Produced by: Bob Rock, James Hetfield & Lars Ulrich
Recorded: The Plant Studios, Sausalito, CA, May 1995–February 1996
Album Tracks Primary Musicians
Ain’t My Bitch
2 X 4
The House Jack Built
Until It Sleeps
King Nothing
Hero of the Day
Bleeding Me
Cure
Poor Twisted Me
Wasting My Hate
Thorn Within
Ronnie
The Outlaw Torn
James Hetfield – Lead Vocals, Guitars
Kirk Hammett – Guitars
Jason Newsted – Bass, Vocals
Lars Ulrich – Drums

Load by Metallica

The strongest trait of Load‘s nearly eighty minute odyssey is how cohesive the album is in spite of its abundance of genres and tones. The opener “Ain’t My Bitch” is nearly a pure pop/rocker with choppy riff and rhythms, which made it a hit on the U.S. Mainstream Rock charts. “2 X 4” starts with Ulrich’s drum intro into a slightly bluesy hard rock, featuring slide guitars by Hammett. “The House Jack Built” goes through several distinct sections as the song unfolds, with a very theatrical feel overall. Sound effects from Hammett’s guitar act as a dramatic guide throughout, climaxing with a wild talk-box lead section.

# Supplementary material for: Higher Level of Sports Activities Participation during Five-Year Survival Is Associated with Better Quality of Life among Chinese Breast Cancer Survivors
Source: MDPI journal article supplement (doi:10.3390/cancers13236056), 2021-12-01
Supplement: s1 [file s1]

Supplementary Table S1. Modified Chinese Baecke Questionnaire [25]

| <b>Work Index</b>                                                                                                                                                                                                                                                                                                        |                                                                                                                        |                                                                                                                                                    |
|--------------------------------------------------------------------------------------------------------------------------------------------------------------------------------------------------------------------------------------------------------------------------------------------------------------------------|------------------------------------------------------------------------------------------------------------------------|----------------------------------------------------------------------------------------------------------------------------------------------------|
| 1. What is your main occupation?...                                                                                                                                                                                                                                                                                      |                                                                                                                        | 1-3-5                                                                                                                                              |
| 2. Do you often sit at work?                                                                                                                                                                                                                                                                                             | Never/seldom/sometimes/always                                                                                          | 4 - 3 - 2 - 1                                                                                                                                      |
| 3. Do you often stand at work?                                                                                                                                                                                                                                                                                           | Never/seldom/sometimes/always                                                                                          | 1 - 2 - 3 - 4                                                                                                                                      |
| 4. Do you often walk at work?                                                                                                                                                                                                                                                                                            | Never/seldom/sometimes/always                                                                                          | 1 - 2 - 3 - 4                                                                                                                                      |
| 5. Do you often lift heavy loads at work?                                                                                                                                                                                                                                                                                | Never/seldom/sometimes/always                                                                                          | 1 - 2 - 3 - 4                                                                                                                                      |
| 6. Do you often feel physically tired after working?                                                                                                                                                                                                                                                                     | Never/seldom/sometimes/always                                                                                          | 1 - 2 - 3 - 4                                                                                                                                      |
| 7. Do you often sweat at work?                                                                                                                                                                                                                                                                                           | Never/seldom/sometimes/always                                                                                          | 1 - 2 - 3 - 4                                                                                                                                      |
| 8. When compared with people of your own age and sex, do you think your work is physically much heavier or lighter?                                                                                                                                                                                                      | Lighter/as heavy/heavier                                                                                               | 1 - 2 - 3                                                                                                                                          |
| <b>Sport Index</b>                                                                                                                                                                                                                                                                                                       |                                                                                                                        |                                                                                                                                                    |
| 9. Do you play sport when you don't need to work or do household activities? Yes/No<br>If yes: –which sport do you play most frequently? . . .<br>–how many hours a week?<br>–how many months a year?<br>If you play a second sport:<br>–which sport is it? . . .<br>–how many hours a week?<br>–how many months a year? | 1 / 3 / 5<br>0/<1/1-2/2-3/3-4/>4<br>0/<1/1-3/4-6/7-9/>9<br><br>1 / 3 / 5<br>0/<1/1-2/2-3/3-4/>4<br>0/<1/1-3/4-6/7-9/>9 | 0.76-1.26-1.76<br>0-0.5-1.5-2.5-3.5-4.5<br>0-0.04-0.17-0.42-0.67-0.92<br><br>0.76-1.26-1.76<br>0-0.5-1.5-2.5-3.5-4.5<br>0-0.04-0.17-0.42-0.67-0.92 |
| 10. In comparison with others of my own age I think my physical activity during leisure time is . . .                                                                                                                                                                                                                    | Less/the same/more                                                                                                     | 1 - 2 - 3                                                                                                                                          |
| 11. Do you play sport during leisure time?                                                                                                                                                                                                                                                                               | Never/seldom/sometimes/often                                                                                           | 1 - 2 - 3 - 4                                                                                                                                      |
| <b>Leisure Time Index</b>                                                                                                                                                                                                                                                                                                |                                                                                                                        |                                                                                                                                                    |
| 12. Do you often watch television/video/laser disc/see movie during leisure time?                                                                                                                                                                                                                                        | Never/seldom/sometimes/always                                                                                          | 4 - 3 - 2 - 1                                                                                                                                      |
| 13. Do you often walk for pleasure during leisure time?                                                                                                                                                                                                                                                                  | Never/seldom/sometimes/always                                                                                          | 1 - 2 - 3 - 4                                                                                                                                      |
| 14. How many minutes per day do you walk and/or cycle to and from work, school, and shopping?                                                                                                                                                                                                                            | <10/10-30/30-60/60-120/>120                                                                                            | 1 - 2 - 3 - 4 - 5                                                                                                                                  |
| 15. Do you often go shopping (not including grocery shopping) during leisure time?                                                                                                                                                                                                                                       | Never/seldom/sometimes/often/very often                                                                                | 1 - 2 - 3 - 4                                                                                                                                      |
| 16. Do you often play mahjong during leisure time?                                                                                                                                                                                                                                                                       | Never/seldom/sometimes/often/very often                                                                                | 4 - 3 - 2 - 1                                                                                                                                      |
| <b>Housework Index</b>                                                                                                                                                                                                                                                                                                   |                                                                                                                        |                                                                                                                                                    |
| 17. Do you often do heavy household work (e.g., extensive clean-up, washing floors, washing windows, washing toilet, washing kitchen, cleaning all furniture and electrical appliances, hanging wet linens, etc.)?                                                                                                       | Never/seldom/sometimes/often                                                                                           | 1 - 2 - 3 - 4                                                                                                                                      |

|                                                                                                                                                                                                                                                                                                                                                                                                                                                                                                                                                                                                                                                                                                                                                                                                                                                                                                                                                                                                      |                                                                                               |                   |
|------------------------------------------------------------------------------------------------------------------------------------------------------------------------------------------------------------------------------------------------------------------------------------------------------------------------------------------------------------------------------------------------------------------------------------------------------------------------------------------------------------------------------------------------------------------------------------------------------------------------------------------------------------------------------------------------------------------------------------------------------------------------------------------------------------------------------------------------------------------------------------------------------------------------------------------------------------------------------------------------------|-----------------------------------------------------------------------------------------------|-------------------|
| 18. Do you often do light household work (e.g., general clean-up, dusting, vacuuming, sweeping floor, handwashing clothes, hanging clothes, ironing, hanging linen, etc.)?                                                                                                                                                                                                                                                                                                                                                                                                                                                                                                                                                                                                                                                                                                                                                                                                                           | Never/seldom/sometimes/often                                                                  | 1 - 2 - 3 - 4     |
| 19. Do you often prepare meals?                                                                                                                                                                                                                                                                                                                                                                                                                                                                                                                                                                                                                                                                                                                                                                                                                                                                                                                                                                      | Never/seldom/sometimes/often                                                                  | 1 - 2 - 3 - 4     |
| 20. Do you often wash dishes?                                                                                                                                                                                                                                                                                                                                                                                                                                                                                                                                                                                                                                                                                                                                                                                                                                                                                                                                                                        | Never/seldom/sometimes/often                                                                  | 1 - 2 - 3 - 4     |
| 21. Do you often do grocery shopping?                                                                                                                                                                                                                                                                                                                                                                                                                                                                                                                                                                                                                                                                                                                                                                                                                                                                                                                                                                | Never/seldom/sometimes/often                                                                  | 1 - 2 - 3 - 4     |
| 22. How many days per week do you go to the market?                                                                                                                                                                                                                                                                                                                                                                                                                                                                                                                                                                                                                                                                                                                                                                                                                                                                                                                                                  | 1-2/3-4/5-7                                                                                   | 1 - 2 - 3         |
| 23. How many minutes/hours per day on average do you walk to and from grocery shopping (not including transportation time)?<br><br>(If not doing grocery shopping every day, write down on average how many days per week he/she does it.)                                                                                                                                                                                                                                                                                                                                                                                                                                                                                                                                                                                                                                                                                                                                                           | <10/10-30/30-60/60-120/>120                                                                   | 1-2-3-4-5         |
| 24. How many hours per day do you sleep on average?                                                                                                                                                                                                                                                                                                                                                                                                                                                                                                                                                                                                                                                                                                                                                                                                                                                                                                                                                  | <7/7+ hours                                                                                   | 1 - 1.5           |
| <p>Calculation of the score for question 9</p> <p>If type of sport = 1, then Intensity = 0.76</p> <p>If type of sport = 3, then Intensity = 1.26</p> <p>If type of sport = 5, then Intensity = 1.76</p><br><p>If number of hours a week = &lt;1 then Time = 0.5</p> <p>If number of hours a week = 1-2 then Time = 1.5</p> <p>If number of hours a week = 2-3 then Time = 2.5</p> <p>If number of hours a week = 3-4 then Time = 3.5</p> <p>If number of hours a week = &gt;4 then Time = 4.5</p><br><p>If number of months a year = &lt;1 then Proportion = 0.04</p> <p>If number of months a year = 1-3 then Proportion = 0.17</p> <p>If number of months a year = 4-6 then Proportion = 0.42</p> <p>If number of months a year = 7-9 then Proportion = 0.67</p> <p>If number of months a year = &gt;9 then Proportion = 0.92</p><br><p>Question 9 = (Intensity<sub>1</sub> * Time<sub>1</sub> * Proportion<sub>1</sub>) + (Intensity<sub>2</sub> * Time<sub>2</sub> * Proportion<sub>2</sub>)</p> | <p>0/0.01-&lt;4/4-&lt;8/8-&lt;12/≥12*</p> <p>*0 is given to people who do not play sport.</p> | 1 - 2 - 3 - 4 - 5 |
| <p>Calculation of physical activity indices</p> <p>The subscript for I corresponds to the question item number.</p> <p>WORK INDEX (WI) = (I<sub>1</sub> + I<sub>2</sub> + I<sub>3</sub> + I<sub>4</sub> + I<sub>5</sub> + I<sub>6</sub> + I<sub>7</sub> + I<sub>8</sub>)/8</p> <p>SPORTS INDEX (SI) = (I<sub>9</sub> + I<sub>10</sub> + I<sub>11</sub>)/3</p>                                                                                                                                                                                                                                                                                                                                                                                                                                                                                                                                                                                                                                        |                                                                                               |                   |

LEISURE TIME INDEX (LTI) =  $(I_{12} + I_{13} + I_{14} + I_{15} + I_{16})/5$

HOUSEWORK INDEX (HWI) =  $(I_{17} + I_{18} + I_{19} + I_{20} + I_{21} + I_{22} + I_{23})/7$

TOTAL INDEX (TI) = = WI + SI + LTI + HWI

“Until It Sleeps” starts with fretless bass section by Jason Newsted before it breaks into the melodic verses. The picked electric riff throughout is the highlight of this track, which remains laid back and moderate throughout and became Metallica’s first and only Top 10 hit on the pop charts. “King Nothing” starts with wild feedback effect before Newstead’s driving bass ushers in the building main riff, in an arrangement very similar (right down to the middle nursery rhyme section) to “Enter Sandman” from the previous album. In all, this is the most traditional-sounding and raw song on the album thus far.

The best overall track on the album, “Hero of the Day” is built on Hammett’s simple but brilliant guitar pattern and executed with differing arrangement elements from heavy rock to strummed acoustic with electric accents. The later lead section is equally simple but ever more excellent and the song ends in hard-rock crescendo making it an instant classic which still sounds potent 20 years later. The picked guitar and bass intro of “Bleeding Me” shows the band pointing towards an alternative rock / grunge approach, in the same manner as bands like Alice in Chains. This song remains fairly moderate and consistent until about 5 minutes in, when it takes a more direct, metal approach for the duration. On the eighties-flavored “Cure”, the guitar textures are fairly interesting but the composition itself is rather weak, while “Poor Twisted Me” has guitar tones which fall somewhere between Van Halen and ZZ Top reaching legit rock heights towards the end, making it an overall fine track. “Wasting My Hate” starts as pure upbeat blues before breaking into an intense hard rocker with cool, returning riffs.